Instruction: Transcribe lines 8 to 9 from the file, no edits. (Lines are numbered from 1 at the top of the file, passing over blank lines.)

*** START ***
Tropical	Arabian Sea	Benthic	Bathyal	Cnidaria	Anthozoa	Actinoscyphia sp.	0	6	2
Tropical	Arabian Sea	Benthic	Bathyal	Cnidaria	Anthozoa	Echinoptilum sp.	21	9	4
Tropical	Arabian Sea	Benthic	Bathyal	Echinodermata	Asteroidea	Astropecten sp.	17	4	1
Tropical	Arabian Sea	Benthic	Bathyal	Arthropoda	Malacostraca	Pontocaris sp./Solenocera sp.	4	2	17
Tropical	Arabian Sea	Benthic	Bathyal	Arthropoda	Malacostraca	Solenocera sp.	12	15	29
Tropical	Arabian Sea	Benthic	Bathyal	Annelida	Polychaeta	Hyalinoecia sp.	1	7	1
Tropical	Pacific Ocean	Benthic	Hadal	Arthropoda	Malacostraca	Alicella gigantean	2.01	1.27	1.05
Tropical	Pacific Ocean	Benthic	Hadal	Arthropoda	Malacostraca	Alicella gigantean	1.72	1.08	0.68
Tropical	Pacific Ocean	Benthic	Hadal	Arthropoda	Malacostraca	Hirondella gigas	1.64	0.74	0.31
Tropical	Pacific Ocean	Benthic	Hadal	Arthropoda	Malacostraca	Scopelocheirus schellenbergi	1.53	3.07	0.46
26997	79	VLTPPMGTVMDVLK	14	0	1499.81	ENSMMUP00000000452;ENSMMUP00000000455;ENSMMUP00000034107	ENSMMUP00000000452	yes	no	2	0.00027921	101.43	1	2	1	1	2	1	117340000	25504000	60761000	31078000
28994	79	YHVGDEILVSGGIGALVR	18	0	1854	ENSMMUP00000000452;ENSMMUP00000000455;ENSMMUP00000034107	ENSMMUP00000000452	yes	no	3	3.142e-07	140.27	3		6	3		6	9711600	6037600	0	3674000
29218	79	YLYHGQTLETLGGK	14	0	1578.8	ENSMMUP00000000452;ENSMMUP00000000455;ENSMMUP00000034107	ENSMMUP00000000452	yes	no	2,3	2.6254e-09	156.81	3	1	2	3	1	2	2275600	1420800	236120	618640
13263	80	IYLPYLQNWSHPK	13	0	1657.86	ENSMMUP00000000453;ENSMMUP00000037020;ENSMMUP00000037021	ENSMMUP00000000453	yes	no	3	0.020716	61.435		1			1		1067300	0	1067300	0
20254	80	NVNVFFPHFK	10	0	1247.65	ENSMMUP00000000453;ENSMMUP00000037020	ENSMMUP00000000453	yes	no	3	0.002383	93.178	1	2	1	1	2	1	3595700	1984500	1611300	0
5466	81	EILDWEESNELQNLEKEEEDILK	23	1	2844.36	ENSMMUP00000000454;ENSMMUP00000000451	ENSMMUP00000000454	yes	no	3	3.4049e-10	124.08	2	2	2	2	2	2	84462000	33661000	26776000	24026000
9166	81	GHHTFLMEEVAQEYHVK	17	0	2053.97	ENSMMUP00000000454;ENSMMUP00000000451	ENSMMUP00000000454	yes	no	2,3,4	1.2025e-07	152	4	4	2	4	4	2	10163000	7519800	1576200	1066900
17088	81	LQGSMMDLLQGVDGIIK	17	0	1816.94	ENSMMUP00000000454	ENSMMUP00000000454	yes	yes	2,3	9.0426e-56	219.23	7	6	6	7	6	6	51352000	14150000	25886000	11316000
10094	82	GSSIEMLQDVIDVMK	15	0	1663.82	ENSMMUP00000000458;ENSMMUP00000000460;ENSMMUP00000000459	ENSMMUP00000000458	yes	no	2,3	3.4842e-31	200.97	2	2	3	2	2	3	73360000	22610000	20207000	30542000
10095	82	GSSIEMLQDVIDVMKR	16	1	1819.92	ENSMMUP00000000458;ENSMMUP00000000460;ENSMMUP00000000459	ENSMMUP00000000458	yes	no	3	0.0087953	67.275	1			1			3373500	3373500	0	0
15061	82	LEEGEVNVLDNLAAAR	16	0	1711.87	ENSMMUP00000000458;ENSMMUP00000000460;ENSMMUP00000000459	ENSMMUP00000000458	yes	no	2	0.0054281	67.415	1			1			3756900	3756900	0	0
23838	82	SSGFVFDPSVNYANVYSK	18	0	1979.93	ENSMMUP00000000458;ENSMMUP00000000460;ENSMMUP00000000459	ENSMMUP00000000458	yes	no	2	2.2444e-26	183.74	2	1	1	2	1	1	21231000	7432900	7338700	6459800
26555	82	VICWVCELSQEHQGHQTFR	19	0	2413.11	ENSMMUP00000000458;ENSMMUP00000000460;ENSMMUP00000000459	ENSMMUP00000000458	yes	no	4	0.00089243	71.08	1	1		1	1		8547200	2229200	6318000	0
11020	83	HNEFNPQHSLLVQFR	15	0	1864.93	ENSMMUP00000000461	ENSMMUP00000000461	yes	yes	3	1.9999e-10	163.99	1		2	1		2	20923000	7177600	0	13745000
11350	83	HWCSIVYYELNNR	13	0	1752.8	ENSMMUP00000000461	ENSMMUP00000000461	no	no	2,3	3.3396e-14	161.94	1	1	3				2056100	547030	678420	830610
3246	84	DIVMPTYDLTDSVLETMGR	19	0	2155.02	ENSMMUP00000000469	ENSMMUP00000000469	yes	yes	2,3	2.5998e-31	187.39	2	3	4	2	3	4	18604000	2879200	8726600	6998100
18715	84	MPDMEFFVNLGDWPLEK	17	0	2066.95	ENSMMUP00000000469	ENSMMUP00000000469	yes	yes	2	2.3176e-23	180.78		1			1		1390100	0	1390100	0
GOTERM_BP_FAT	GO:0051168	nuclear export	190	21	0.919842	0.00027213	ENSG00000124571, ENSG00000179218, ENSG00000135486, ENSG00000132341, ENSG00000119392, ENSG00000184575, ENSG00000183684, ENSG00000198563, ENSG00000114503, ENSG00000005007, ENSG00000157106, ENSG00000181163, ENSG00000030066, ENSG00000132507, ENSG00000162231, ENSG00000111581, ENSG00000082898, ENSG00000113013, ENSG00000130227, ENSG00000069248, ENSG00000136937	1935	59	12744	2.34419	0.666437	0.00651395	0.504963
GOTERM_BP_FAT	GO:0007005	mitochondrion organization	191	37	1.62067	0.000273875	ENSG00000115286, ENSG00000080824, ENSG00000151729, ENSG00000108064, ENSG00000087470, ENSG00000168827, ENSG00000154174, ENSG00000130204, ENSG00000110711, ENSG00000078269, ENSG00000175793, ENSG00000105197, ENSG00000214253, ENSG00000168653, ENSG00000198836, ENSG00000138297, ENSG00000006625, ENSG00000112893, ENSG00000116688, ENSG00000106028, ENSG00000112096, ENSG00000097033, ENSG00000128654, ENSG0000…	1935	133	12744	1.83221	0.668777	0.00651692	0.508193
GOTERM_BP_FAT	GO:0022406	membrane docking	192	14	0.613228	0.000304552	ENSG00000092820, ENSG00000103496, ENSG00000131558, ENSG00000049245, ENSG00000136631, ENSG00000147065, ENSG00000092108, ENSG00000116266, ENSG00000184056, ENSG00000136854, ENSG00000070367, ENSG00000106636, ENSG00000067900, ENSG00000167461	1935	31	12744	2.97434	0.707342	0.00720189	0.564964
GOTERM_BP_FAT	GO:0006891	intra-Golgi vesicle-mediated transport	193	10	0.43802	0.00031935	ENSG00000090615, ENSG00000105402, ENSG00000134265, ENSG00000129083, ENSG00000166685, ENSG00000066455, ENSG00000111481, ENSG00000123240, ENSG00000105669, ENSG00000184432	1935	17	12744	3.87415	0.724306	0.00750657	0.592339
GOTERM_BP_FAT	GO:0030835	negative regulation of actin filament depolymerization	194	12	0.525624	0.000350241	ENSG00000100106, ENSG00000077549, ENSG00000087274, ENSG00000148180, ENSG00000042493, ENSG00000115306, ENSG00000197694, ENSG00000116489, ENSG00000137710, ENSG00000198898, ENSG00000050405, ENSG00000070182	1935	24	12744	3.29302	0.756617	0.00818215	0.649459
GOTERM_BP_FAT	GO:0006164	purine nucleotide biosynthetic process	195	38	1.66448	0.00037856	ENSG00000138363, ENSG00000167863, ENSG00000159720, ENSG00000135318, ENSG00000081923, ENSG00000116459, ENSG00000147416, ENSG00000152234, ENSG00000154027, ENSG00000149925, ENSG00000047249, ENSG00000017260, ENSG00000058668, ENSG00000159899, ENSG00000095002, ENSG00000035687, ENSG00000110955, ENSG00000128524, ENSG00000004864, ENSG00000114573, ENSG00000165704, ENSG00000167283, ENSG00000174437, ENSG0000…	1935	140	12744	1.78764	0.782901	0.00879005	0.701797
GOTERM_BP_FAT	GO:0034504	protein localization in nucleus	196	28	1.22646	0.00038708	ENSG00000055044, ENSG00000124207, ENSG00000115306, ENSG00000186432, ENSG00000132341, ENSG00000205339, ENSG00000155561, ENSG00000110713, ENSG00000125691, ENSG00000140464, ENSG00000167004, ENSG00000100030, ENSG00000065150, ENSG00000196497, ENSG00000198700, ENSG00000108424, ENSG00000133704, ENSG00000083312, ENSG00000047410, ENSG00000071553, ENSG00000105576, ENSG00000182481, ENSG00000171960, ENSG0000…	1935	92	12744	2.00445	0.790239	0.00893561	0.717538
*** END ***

Tropical	Pacific Ocean	Benthic	Hadal	Arthropoda	Malacostraca	Alicella gigantean	1.72	1.08	0.68
Tropical	Pacific Ocean	Benthic	Hadal	Arthropoda	Malacostraca	Hirondella gigas	1.64	0.74	0.31